A Davis startup composed of University of California physicists, seismologists and disaster forecasters has released its latest product: a comprehensive report on every natural hazard, and some man-made ones, that your home is likely to face.
With its new natural hazards disclosure reports, the OpenHazards Group joins a number of firms supplying similar products to home sellers and the real estate industry in California, where state law requires hazard reporting in home sales.
It's another step into the business world for a firm of academics that has made its mark predicting earthquake damage and trying to stay a step ahead of natural disasters.
Soon to be released, said OpenHazards Group CEO William Graves, is a hurricane damage estimator that will allow homeowners in the hurricane belt to gauge the speed of winds that will hit their homes and the damage that may result. It's a much more precise predictor of damage than the Weather Channel, he said.
"When a storm is on its way, it gets more accurate the closer you get," said Graves, who holds a Ph.D. in physics from UC Berkeley.
OpenHazards' co-founder is John Rundle, a physicist and geologist at UC Davis who specializes in earthquake dynamics. The group formed about two years ago and made its mark providing online reports that allow homeowners to assess their seismic risks and to help make decisions about buying earthquake insurance, Graves said.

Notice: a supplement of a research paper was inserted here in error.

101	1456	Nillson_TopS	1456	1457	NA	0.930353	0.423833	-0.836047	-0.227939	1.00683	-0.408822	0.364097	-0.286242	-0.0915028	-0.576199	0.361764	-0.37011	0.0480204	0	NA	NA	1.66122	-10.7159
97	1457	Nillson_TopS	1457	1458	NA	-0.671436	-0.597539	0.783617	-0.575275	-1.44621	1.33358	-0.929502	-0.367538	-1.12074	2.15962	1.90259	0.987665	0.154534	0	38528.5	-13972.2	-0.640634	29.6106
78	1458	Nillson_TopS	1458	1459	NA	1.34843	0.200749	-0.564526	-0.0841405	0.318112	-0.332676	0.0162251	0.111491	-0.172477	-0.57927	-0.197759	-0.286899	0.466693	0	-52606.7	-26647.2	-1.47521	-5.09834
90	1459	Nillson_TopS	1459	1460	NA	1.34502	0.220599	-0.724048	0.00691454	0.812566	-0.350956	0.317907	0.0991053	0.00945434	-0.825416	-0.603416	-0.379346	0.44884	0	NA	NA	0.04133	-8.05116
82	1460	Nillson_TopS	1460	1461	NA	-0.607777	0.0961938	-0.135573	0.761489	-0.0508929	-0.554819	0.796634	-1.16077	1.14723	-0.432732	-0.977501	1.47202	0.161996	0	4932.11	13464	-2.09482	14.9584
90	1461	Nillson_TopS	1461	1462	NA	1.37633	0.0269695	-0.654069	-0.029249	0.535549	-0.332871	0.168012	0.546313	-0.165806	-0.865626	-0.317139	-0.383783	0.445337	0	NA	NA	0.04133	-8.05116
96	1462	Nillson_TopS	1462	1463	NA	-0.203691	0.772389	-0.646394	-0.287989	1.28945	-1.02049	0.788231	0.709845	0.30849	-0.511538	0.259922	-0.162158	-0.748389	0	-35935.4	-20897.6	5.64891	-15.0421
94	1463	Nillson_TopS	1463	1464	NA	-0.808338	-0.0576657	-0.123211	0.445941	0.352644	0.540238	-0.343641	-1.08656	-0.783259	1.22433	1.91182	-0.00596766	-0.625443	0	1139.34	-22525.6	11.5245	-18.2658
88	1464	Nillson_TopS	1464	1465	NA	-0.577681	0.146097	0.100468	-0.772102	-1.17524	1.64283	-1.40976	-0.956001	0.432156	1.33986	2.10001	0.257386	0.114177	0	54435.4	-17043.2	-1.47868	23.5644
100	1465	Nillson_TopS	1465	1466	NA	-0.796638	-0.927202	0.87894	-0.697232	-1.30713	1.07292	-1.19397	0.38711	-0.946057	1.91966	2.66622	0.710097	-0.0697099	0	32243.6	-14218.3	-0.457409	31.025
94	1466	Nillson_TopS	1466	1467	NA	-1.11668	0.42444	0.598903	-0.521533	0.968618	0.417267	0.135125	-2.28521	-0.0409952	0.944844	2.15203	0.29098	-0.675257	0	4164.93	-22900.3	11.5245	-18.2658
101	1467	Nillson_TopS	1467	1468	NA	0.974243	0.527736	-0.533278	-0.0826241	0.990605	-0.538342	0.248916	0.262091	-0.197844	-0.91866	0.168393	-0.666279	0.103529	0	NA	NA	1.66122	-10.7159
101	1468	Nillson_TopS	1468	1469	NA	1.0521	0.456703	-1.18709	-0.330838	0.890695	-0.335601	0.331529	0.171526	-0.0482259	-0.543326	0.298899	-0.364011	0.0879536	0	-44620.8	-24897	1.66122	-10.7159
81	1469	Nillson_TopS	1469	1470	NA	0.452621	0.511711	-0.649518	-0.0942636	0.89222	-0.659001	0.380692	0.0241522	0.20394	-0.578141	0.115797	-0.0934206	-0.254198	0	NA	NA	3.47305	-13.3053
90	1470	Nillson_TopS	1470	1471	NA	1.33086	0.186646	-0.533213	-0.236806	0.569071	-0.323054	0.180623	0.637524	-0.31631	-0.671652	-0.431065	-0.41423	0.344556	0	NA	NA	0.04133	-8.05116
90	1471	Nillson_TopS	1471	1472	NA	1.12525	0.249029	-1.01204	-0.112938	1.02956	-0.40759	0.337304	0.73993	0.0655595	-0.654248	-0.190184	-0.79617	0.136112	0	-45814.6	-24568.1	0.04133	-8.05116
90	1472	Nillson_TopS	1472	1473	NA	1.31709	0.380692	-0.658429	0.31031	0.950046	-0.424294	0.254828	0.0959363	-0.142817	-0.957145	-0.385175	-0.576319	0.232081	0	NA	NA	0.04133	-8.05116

A television crew from Japan, where the company is better known, recently spent the day conducting interviews with OpenHazards researchers, he said.
The company's new natural hazard disclosure reports, available at http:// ohgdisclosures.com, cost about $40, less than competitors' products, Graves said. He said customers can get an individualized map showing risks in an easy-to-read format.
"We actually draw a map around your house and show you where the zones are," he said. "It makes it a lot easier to visualize."
On a sample map, a home in central Davis looks safe from fires, earthquakes and flooding indicated by different colored lines but is surrounded by polka dots that show a dam-inundation area. Much of Davis could be subject to flooding if the Monticello Dam holding back Lake Berryessa ever bursts.
Airport traffic and Mello-Roos taxes are among the man-made hazards detailed in the reports.
Currently the reports are available only for Yolo County, where the group started scanning county databases close to home, and for San Francisco, but Sacramento is next on the list, Graves said.
Other free and fee-based tools, including a natural disaster blog with simulation videos, are available at www.openhazards.com.